Satellite images of southern Kyrgyzstan after last June’s ethnic clashes were used to measure the geographical scope of violence. They identified populations at risk and in a number of cases spotted “SOS” signs on roads and in fields.

Lars Bromley, a satellite imagery analyst for the UN’s Satellite Applications Program, says the satellite images of Kyrgyzstan provided a bigger picture of the situation than even reporters on the scene could.

"[Kyrgyzstan] was a case where you had media on the ground providing some information, but the question of the scale of the violence that was going on was relatively unknown," Bromley says. "And that's where the imagery becomes quite helpful, when you can see it's not just the one neighborhood that a reporter is doing a report from, but it's multiple neighborhoods across a city."

The idea of being able to prevent genocide or large attacks by spotting evidence of the gathering storm before it happens is exciting stuff but also “incredibly ambitious,” says Meier. That’s because satellites can’t provide a live stream of what they’re seeing; images will take between eight and 24 hours to process -- enough time to launch a major attack or raze several villages.

Technical constraints could also make it hard to determine the sequence and causality of events in low-level skirmishes. And if would-be perpetrators of violence are unaware they're being monitored, the deterrent effect is canceled out.

'No One Wants To Believe The Worst'

Satellite imaging might be unable to stop violence before it happens, but it could be effective in containing it -- especially in areas that are largely inaccessible.

"In remote areas, what you often see happening is that nobody wants to believe the worst," Bromley says. "So if there are reports of violence in a remote area, everyone wants to wait until they have definite verification before they act on that information. And that's where the imagery can come in and provide that verification, before, say, a small conflict becomes a much larger conflict."

Amnesty International’s “Eyes On Darfur” initiative, launched in 2007 in another conflict-riven part of Sudan, is generally credited for breaking ground on that use of the technology. The NGO says images from the project were successful in helping to deter further human rights violations.

The Satellite Sentinel Project is hoping for similar success in southern Sudan.

But if violence does indeed occur and satellites document it, the story is still far from over.

Meier says the next step will be using satellite imagery as evidence in proceedings at the International Criminal Court in The Hague. It’s an idea still in its infancy, but one that human rights activists can be hopeful about.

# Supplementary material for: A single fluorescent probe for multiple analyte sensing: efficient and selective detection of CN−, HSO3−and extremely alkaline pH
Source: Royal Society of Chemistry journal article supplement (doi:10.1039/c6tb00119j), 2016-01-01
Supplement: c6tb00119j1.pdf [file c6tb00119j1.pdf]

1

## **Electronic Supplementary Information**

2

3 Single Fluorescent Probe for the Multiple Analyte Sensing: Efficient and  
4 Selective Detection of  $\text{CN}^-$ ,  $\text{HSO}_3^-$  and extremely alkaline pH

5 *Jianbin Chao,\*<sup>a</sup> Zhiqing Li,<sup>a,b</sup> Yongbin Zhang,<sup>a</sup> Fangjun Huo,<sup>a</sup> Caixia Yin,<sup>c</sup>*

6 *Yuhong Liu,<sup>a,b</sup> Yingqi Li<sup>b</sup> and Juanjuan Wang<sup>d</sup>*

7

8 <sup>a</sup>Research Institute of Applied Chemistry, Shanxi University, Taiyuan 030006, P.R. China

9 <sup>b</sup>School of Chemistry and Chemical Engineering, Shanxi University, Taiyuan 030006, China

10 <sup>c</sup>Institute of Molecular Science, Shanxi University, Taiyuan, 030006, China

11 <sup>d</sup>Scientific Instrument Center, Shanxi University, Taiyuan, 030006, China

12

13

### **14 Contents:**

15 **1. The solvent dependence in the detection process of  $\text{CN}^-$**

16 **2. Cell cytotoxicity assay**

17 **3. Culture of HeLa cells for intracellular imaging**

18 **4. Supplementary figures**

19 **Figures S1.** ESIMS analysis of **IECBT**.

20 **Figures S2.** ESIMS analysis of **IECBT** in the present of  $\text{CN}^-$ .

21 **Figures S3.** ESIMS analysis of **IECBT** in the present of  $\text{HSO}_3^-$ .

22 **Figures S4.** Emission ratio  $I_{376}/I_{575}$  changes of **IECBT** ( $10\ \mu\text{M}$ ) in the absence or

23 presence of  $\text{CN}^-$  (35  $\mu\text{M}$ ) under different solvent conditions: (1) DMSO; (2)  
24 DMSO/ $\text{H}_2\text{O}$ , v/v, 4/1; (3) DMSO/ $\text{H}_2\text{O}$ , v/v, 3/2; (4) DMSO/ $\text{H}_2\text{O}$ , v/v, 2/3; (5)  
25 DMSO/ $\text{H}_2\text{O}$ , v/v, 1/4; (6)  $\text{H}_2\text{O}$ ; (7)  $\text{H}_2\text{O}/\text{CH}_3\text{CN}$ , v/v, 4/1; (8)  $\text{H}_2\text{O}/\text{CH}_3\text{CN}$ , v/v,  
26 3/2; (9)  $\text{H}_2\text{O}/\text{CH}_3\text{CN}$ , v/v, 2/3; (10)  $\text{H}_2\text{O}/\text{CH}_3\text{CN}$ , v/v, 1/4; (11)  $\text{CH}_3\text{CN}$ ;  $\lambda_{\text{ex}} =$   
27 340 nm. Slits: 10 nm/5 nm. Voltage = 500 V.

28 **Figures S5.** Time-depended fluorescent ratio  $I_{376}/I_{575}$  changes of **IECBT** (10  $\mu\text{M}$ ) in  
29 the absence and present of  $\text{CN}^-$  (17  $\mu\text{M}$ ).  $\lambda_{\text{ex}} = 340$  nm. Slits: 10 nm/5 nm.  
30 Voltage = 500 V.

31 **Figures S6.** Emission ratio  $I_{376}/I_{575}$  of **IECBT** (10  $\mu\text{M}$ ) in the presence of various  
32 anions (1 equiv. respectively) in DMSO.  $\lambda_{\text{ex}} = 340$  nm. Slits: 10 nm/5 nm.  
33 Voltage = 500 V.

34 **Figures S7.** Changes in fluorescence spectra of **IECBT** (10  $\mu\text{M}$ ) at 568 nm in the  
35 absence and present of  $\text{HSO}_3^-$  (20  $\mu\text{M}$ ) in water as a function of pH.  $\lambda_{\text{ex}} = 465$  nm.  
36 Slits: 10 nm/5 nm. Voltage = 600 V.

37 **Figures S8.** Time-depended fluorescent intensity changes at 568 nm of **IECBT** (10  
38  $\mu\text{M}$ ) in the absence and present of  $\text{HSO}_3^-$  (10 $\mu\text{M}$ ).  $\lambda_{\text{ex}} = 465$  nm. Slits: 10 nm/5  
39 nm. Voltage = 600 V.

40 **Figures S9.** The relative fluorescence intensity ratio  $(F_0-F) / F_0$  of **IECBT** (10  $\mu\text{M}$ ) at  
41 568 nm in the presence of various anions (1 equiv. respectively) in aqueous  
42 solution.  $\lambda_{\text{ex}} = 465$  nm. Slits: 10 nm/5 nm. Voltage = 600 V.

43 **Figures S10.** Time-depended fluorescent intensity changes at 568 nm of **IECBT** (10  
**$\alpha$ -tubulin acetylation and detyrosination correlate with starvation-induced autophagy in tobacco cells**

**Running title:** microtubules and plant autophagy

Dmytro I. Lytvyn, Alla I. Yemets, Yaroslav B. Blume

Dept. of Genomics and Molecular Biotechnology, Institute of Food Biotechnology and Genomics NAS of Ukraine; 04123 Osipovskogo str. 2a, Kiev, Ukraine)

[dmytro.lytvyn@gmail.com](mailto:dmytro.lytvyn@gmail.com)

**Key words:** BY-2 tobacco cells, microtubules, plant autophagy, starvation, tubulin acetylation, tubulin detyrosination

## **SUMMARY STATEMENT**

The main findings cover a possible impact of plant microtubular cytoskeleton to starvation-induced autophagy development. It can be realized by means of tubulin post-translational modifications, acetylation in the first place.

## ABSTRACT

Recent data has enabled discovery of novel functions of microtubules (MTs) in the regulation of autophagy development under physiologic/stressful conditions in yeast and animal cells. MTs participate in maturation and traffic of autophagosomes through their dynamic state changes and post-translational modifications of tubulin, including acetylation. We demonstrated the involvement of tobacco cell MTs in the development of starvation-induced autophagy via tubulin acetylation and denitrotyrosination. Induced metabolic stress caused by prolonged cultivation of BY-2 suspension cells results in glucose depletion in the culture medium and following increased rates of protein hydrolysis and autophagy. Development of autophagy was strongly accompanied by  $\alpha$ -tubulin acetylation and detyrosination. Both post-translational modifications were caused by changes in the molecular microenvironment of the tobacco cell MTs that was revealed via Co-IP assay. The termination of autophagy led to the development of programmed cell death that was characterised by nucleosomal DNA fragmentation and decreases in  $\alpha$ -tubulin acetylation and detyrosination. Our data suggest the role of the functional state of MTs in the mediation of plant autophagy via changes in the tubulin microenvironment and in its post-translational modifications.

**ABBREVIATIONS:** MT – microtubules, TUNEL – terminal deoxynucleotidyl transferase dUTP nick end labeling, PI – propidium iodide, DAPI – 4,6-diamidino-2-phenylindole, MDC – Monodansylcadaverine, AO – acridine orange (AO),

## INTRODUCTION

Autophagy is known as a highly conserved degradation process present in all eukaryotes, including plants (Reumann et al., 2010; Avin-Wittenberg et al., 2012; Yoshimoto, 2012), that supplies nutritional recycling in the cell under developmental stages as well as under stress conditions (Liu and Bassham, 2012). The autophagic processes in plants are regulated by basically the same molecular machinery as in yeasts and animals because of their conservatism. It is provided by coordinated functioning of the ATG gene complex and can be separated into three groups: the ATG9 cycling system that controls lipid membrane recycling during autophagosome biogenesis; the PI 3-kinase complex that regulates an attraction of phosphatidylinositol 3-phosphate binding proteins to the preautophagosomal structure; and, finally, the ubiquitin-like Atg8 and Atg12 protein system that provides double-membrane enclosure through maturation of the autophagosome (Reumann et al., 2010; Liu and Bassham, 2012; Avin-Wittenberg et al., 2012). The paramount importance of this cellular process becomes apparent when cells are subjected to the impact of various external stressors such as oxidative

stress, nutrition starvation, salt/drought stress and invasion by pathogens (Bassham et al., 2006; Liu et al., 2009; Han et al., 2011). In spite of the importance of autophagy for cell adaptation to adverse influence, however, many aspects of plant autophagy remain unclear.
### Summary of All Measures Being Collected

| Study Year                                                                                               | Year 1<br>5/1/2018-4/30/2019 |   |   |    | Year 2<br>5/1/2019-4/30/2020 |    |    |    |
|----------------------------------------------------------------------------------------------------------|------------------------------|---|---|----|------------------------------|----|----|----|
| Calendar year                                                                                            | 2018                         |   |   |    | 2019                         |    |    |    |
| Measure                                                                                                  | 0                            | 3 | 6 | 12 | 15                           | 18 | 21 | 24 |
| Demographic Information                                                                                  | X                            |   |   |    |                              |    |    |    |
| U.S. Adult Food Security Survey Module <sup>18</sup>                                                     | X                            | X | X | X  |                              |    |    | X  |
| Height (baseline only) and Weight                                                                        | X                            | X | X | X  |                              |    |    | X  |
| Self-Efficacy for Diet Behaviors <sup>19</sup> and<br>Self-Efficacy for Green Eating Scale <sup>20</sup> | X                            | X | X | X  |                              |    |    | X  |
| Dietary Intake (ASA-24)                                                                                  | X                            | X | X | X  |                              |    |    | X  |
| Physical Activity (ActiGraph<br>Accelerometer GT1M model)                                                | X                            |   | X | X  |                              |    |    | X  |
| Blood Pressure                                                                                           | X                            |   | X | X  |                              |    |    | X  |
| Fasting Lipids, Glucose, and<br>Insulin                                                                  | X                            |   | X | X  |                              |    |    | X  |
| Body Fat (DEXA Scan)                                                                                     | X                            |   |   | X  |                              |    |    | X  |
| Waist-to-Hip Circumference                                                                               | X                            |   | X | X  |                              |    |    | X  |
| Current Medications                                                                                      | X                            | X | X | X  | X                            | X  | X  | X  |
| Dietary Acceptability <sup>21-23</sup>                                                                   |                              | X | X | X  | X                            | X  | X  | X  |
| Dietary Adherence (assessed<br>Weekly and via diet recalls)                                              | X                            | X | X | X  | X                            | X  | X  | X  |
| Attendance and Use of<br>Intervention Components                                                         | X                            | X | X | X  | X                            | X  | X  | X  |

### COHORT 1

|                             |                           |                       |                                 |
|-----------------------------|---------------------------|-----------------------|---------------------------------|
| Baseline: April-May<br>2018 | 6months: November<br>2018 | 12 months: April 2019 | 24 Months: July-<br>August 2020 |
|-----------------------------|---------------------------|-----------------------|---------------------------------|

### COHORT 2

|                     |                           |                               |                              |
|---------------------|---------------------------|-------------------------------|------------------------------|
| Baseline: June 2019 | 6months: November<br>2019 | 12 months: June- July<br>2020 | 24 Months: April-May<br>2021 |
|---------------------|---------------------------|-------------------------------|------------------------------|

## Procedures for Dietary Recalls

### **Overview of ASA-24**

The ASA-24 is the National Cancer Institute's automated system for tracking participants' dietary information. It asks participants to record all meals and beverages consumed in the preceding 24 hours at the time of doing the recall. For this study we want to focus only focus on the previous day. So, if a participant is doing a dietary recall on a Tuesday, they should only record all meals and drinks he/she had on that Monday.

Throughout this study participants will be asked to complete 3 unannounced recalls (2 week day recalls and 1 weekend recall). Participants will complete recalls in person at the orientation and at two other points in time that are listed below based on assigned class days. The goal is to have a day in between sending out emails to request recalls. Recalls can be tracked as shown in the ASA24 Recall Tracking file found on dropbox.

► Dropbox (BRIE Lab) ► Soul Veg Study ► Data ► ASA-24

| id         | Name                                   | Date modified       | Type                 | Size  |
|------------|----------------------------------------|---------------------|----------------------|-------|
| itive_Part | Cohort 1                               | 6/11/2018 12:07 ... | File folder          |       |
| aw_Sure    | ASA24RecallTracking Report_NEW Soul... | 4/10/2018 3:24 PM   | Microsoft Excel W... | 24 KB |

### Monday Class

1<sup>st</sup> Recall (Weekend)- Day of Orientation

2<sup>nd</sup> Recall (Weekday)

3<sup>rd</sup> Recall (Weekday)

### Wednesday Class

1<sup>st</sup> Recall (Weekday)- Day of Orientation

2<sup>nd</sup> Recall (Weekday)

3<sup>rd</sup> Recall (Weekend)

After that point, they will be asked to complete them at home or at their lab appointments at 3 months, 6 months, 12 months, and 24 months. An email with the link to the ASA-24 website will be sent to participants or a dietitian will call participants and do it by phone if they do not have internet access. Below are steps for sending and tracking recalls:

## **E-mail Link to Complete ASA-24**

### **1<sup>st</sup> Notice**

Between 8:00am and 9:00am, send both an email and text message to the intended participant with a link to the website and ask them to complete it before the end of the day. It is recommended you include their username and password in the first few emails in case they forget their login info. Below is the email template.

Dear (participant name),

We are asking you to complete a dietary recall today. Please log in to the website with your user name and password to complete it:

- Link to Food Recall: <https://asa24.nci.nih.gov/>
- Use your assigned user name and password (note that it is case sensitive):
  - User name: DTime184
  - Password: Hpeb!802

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Re: Clooney's "Anti-Genocide Paparazzi"

Post by Lighterside on Sun Jan 09 2011, 14:47

The actor said people who criticised him for his humanitarian work should just stand aside.
"If they don't like what we are trying to do, then get out of the way, I don't care," he said.
"We try to save some people's lives. If we succeed then good, if we did not we tried. I don't see a downside to that."

That right George...just tell the critics to either be part of the solution or STFU! Keep it plain and simple, in language they can understand. The people in that region who are being helped aren't questioning WHY; they're just happy you're there TO HELP...that's what's important. Ignore the small minded, little people who throw stones at everyone when they try to do something good because it just can't be authentic concern, it must be because you're diddling that skank and want some good PR. Rolling Eyes

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Re: Clooney's "Anti-Genocide Paparazzi"

Post by it's me on Sun Jan 09 2011, 15:38

hey!
is already the Shit hits the fan time?


STFU means?

(only st
bec fu I guess I know.... Wink )

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Re: Clooney's "Anti-Genocide Paparazzi"

Post by melbert on Sun Jan 09 2011, 17:06

Thanks Merlin!

@It's Me - STFU means "shut the f*c* up"

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Re: Clooney's "Anti-Genocide Paparazzi"

Post by it's me on Sun Jan 09 2011, 19:34

oh, thanks Cool
really useful cyclops

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Re: Clooney's "Anti-Genocide Paparazzi"

Post by melbert on Sun Jan 09 2011, 20:26

pretty much sums it up without actually saying the "word"!!

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Re: Clooney's "Anti-Genocide Paparazzi"

Post by Atalante on Sun Jan 09 2011, 21:26

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with a videolink to ... alien

And pictures on your right: [You must be registered and logged in to see this link.] Basketball

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Re: Clooney's "Anti-Genocide Paparazzi"

Post by Tigerina on Sun Jan 16 2011, 14:03

George shouldn't give the critics a second thought. When he responds to them he lowers himself to their level. He should stay focused on his good deed and not worry about what anyone says or thinks. Unless it is constructive input on how they could improve their efforts it is useless banter from those who have heavy heart.

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Re: Clooney's "Anti-Genocide Paparazzi"